Last week we spoke about how Sugar Gives You Wrinkles. If that wasn’t horrifying enough to get you to give up sugar for the rest of your life, maybe the fact that it also gives you acne will. We’ve all been through those awkward teenage years when our skin seems to turn into an oil refinement plant. It is estimated that worldwide 80% of people between the ages of 11 and 30 have had an acne breakout at some point, and it can continue into middle age for up to 12% of women and and 3% of men.
What is Acne?
Acne is a disease that effects the skin’s oil glands. When the oil gland gets clogged with a combination of dead skin cells and excess oil a pimple forms. Bacteria can develop in this mixture causing redness and swelling.
What Causes Oily Skin?
Dermatologists have attributed oily/acne prone skin mainly to genetics. The exact mechanism is not clear, but a rise in hormones, especially testosterone, leads to increased oil production. There are some other factors that can exacerbate the problem, but the mainstream theory is that you have your genes to thank – even if the cause is not fully understood. Other factors that have been associated with oily skin are the use of birth control pills and other medicines, hormonal changes (i.e. puberty, pre-menstruation, etc.), and greasy makeup. Costly treatments that line the pockets of pharmaceutical companies have been created to help combat it. We here at Kaiya Naturals even wrote an article on the scientific evidence behind how Tea Tree Oil is just as effective for treating acne as Benzoyl Peroxide. Is oily/acne prone skin something many of us have to put up with because of our genetics? Should we just accept the fact that all we can do is treat the symptoms with expensive medications, and not the cause? Well, not really. Acne, it would seem, is a western problem.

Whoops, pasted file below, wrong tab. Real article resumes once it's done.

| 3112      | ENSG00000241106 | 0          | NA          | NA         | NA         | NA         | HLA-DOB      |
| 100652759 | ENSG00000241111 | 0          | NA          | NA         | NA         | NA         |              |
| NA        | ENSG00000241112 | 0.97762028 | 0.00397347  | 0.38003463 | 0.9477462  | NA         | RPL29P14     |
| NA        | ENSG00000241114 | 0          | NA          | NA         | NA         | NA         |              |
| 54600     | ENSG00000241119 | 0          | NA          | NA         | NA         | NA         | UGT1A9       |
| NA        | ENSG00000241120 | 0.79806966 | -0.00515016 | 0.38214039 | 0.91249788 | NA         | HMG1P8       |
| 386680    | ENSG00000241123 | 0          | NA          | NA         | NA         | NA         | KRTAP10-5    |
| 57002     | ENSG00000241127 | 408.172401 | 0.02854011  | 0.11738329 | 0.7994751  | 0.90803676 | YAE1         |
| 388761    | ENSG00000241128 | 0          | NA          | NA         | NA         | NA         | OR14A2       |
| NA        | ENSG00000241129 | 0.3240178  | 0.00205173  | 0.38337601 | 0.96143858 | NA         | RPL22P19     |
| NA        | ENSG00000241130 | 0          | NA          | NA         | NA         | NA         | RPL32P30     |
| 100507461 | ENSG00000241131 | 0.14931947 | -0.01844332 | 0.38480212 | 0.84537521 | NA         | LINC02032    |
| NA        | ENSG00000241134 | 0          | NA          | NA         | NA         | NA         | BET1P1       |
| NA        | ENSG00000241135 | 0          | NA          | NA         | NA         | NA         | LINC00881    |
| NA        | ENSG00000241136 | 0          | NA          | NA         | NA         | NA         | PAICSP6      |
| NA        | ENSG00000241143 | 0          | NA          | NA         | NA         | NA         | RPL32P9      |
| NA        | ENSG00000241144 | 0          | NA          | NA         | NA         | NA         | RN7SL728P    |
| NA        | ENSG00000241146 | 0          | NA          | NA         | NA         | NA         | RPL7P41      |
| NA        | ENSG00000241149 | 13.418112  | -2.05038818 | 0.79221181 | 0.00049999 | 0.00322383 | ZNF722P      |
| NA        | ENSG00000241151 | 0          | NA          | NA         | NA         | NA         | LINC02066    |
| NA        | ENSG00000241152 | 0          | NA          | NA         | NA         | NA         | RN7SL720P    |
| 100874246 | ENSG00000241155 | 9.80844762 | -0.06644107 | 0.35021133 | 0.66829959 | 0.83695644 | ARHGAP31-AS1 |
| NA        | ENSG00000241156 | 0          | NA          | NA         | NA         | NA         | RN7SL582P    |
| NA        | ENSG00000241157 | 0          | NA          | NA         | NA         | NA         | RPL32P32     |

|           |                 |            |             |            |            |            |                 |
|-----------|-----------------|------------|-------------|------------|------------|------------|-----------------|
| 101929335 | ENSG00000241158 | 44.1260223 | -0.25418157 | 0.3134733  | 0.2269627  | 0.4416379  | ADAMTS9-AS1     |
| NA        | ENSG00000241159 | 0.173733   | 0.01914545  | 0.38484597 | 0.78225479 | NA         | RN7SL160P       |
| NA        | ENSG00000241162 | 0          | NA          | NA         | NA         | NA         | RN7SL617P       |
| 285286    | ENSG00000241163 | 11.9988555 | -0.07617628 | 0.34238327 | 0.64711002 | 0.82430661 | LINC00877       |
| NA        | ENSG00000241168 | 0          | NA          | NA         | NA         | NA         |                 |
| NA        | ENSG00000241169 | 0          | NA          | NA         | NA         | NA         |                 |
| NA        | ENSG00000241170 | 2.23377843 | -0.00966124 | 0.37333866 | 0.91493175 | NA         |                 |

The Western Culture of Oily Skin
Consider the following:
- Acne is nonexistent among Inuit populations living and eating in the traditional manner. After being transplanted into western settlements the prevalence of acne becomes similar to that in western societies.
- The island inhabitants of Okinawa had no acne prior to WWII when the island was an isolated outpost. 
- An examination of rural schoolchildren in Brazil found only 2.7% had acne. That is significantly less than the 80% that the National Institute of Arthritis and Musculoskeletal and Skin Diseases estimated above. 
- Bantu adolescents in South Africa had lower rates of acne than white children.  
- Acne became a problem for Zulu villagers only when they moved from rural villages into cities. 
To sum up, there is strong evidence showing that rural non-industrial societies have significantly less acne. This evidence goes on to show that only when those inhabitants were introduced into western society did they experience the same rates of acne as westerners. That puts a big gaping hole in the accepted theory of oily skin being determined solely by our genetics, doesn’t it? If our genetics aren’t the main cause, what is?
The Chocolate Dilemma